I am an Aquarius, a fact that I use to excuse a lot of quirky behavior.

One typical Aquarian trait is that I always want to theorize on why things happen or what motivated somebody to do something. I like to theorize about anything and everything, and writing it down like this I can see what a bore I must be at parties!

Sometimes I am right on the money with my theories. Often, with more information, I realize that I did not fully understand the circumstances and my theory goes up in smoke. And many times, my theories are completely crazy and hairbrained (although even these are not always wrong!).

My point is, in the context of everyday English, the word theory means something unproven, possibly biased, possibly impossible.

In science, the word theory has an almost opposite meaning. For an idea to rise to the level of theory, it must have been held up against scientific data and proven. A theory is bigger than a mere fact. A theory explains a fact.

Fact: when you throw a ball into the air, it comes back down. Theory: Gravity pulls things to the earth.

As we learn more, theories can be modified but their basic truth remains.

Another Aquarius, with a slightly larger readership than me, was Charles Darwin. He proposed his Theory of Natural Selection (a.k.a. Theory of Evolution) in 1859 in “On the Origin of Species.” Darwin was a naturalist, as was his grandfather.

Darwin voyaged to the Galapagos Islands and collected specimens which would eventually lead to his “Aha! Moment.” On each island he found birds and animals with adaptations unique to the island. For example, the shape and size of beaks of the finches on each island reflected the kind of food available to them.

Darwin originally thought that all of the different specimens were different types of birds, but once back in England a specialist confirmed that he had collected about 16 different species of the same kind of bird. He realized that the distinct species would have evolved over time due to mutations, isolation and natural selection from a common ancestor.

It’s been 95 years since the “Scopes Monkey Trial” happened down the road in Dayton, but there continues today confusion and skepticism about the Theory of Evolution. Here are a few key points of the theory:

• The world is constantly changing and organisms must adapt and change to survive;

• Our common biology leads to the hypothesis that all organisms descend from one or several common ancestors. This is accepted by scientists, although the ancestor has not yet been identified;

• Evolution is gradual. Darwin suggested that the world was much older than it was thought at that time in order for so much diversity to have developed. He was correct about the age of the earth. However, it has since been proven that evolution can happen either gradually or quickly. You know how they tell you to finish all your antibiotics even after you start feeling better? That is to prevent your disease from surviving the treatment and then quickly evolving and becoming resistant to subsequent doses.

• Changes can be inherited across a species; each individual does not evolve individually; and

• Evolution occurs through “Natural Selection.” This is often mislabeled “survival of the fittest.” It might be better to say “survival of the best adapted.”

Natural selection is the process whereby individuals with the best adaptations — the chameleon with the best camouflage or the shark with the biggest teeth — will be healthier and survive longer, allowing them more of a chance to pass on these beneficial genes to their offspring. And those offspring which inherit the desirable genes will again have a better chance to produce offspring. So that eventually what started as a deviation or mutation from the normal will become the new genetic normal. This is how a species originates.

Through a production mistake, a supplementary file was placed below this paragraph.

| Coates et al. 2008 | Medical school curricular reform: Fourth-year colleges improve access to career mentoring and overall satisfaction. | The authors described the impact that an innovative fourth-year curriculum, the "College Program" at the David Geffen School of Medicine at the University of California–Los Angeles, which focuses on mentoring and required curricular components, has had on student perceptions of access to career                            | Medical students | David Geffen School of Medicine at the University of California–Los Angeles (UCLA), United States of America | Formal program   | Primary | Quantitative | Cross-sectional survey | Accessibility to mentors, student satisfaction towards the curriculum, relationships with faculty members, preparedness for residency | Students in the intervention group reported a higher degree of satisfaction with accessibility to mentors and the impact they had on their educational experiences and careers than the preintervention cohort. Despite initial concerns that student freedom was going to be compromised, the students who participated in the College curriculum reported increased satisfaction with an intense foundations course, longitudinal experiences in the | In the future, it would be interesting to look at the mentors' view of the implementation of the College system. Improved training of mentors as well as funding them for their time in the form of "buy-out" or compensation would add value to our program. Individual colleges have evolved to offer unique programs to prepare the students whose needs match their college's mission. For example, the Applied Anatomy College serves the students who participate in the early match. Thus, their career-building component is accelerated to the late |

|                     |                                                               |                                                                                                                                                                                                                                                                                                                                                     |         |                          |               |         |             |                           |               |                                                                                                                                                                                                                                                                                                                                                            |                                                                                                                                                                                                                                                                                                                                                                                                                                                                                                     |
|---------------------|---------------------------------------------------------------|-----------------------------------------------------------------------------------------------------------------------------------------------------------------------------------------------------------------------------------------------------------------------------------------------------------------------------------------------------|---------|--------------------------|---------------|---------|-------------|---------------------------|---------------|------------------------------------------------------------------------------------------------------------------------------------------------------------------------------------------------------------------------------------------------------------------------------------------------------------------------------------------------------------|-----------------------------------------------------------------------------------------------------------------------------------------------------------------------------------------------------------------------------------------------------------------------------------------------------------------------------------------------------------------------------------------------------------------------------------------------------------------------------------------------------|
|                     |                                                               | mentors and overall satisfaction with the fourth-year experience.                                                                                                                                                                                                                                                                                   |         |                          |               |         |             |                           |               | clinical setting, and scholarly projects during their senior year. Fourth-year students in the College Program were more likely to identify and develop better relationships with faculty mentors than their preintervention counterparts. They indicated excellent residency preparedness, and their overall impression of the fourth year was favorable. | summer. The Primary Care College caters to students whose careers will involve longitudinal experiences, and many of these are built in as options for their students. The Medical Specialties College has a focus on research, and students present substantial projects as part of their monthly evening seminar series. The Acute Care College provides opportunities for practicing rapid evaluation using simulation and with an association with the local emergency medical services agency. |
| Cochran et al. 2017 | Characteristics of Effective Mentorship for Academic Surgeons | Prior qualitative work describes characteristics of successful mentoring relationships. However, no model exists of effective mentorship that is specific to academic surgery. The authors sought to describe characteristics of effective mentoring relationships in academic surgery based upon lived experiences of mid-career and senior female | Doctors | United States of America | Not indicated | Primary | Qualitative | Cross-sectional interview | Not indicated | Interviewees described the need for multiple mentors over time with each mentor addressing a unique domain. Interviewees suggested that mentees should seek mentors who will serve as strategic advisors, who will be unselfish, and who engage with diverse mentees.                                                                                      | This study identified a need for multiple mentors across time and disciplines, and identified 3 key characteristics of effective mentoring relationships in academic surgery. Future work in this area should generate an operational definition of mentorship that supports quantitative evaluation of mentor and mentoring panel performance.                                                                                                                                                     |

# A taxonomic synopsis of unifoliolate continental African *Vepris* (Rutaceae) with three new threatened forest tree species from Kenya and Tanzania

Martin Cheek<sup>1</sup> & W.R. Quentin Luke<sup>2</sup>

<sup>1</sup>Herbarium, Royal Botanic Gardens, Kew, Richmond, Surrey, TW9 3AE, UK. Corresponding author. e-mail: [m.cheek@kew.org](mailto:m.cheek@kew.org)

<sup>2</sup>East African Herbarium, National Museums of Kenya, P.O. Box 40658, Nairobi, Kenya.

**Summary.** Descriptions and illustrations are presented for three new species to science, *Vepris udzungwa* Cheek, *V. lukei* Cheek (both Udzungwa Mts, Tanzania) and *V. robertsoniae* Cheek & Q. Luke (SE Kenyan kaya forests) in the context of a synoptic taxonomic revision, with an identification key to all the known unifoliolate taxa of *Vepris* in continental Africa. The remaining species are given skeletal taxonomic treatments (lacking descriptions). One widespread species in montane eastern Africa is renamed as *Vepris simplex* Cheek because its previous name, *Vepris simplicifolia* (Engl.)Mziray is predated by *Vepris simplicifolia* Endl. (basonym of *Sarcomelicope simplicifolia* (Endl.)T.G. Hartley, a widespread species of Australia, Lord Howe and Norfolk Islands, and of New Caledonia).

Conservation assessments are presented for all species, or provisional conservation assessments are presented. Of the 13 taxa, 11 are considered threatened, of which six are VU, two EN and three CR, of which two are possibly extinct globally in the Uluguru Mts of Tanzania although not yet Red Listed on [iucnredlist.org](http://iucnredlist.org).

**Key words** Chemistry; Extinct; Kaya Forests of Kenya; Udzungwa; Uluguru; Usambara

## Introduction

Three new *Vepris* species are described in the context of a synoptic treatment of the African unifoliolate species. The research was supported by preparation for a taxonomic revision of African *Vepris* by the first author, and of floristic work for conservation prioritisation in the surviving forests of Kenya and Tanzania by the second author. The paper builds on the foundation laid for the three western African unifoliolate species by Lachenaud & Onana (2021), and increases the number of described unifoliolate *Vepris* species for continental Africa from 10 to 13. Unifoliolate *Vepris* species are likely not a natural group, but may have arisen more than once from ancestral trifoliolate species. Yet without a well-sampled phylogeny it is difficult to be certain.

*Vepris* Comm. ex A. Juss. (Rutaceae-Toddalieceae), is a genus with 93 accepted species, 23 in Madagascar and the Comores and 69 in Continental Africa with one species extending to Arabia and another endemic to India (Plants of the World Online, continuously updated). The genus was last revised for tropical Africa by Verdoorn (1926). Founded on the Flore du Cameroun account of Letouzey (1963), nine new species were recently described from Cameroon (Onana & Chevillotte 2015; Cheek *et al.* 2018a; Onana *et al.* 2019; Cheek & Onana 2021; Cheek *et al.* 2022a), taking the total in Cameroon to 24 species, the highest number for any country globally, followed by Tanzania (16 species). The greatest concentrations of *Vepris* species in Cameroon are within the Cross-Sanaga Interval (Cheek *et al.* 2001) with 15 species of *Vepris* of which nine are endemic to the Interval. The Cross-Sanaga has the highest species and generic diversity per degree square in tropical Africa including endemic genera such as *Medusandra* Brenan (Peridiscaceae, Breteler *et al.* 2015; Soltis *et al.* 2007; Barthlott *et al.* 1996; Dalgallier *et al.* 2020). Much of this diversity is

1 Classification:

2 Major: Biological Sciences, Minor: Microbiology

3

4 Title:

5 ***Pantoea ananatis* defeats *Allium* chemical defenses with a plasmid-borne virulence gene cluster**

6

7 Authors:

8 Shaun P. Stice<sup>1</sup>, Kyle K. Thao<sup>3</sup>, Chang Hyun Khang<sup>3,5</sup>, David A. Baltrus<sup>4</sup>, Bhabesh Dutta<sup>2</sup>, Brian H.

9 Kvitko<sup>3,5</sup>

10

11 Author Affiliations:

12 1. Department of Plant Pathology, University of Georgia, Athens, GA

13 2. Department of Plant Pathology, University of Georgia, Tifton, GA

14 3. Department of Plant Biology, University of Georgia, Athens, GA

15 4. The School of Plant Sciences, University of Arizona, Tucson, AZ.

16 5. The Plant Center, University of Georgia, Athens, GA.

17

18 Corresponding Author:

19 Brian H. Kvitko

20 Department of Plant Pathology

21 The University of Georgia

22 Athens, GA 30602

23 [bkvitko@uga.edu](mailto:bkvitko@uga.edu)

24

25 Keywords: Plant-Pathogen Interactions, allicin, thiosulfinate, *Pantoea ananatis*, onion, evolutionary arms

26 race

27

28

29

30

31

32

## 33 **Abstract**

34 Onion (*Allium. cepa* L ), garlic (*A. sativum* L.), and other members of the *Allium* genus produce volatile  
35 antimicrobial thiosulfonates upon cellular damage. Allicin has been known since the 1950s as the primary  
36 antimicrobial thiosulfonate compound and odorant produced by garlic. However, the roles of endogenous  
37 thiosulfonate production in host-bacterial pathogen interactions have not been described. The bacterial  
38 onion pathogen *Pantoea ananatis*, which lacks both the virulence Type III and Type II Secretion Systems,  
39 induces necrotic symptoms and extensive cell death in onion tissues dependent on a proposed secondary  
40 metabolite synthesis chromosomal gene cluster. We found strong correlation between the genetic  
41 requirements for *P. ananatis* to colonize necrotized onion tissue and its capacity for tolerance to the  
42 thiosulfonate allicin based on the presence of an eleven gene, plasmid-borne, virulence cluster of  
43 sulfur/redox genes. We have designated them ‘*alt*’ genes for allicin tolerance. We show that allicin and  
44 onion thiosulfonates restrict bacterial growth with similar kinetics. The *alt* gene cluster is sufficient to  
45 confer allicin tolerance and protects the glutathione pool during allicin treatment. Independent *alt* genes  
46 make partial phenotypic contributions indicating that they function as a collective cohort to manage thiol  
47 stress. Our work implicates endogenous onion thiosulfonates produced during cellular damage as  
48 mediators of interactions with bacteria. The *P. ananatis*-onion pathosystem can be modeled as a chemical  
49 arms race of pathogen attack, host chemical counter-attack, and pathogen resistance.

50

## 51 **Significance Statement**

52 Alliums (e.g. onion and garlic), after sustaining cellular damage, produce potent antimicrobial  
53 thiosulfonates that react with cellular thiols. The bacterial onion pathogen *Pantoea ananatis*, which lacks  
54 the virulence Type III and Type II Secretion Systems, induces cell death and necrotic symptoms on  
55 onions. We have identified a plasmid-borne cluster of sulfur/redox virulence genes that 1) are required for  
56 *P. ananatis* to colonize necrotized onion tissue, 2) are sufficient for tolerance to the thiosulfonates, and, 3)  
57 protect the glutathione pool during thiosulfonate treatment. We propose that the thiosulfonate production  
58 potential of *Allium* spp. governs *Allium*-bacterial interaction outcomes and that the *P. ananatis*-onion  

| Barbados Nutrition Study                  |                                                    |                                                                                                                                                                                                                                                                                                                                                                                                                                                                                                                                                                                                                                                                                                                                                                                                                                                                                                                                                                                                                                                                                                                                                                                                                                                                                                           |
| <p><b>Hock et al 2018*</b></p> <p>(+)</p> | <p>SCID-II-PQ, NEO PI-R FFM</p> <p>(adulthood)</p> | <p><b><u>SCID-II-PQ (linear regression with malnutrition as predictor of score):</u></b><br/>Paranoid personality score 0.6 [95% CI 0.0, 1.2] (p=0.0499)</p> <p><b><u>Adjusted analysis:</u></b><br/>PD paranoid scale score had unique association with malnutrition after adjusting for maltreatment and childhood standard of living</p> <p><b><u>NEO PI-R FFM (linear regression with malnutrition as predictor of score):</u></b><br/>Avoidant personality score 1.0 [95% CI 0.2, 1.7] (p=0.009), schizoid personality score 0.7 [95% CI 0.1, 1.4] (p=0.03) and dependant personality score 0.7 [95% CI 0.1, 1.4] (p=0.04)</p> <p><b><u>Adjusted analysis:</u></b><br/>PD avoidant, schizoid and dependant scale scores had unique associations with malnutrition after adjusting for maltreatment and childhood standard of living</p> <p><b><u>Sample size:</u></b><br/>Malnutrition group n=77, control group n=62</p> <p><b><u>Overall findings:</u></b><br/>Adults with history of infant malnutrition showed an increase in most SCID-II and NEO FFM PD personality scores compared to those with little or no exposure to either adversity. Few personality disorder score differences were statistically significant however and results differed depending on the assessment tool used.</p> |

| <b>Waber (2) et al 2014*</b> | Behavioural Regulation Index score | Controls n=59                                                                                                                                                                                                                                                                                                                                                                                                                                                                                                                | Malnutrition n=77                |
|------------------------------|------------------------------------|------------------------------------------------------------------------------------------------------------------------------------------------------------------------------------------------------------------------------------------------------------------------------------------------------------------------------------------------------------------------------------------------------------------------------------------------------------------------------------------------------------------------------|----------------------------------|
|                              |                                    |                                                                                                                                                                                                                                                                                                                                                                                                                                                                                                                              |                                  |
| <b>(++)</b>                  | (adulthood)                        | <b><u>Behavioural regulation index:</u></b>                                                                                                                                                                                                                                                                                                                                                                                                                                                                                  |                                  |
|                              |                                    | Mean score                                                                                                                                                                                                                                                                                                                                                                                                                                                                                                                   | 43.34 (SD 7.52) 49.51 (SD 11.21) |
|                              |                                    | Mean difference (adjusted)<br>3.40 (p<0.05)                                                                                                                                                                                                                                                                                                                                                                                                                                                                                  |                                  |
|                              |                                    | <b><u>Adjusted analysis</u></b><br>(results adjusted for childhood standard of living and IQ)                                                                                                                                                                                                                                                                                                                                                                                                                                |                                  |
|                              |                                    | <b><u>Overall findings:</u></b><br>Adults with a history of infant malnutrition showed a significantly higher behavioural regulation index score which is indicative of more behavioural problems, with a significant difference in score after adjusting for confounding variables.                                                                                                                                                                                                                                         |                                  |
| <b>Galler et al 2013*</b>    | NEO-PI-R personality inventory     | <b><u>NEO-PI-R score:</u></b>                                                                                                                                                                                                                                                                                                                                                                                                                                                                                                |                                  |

It is perfectly acceptable to tell a child that they are tall like their grandfather or smart like their great-grandmother. It is normal to comment on a dog breed’s tendencies: Golden Retrievers were bred to be lovable and dependable while Border Collies were bred to herd sheep. We all know that certain types of cows give more milk and certain sheep give better wool. Humans have been imitating natural selection for hundreds of years.

Why then do we balk at acknowledging that the giraffe with the longest neck or the eagle with the sharpest talons would have certain advantages for survival? And that those who survive the longest or most successfully will have more offspring? And that having more offspring provides more chances to pass those advantageous genes on? And that over generations, two populations that live in distinct habitats may have developed different traits for survival, leading to physical differences between them?

After all, a nocturnal bat that lives in a dark cave needs better echolocation than a day-flying bat that lives in a tree and can use its eyes to see. A forest elephant needs to be smaller so it can navigate through the trees, whereas a savanna elephant needs its height to look for predators in the tall grass or to graze on trees.

These traits, passed down through generations, are the result, and the evidence, of evolution.

Kathryn Hunter is from McMinn County and holds a bachelor’s degree in Forest Resource Management from the University of Idaho and a Master of Forestry from Yale University. She has worked with the USDA Forest Service locally as well as living and working in natural resource management and protected area conservation in eight foreign countries.

Kathryn Hunter is from McMinn County and holds a bachelor's degree in Forest Resource Management from the University of Idaho and a Master of Forestry from Yale University. She has worked with the USDA Forest Service locally as well as living and working in natural resource management and protected area conservation in eight foreign countries.

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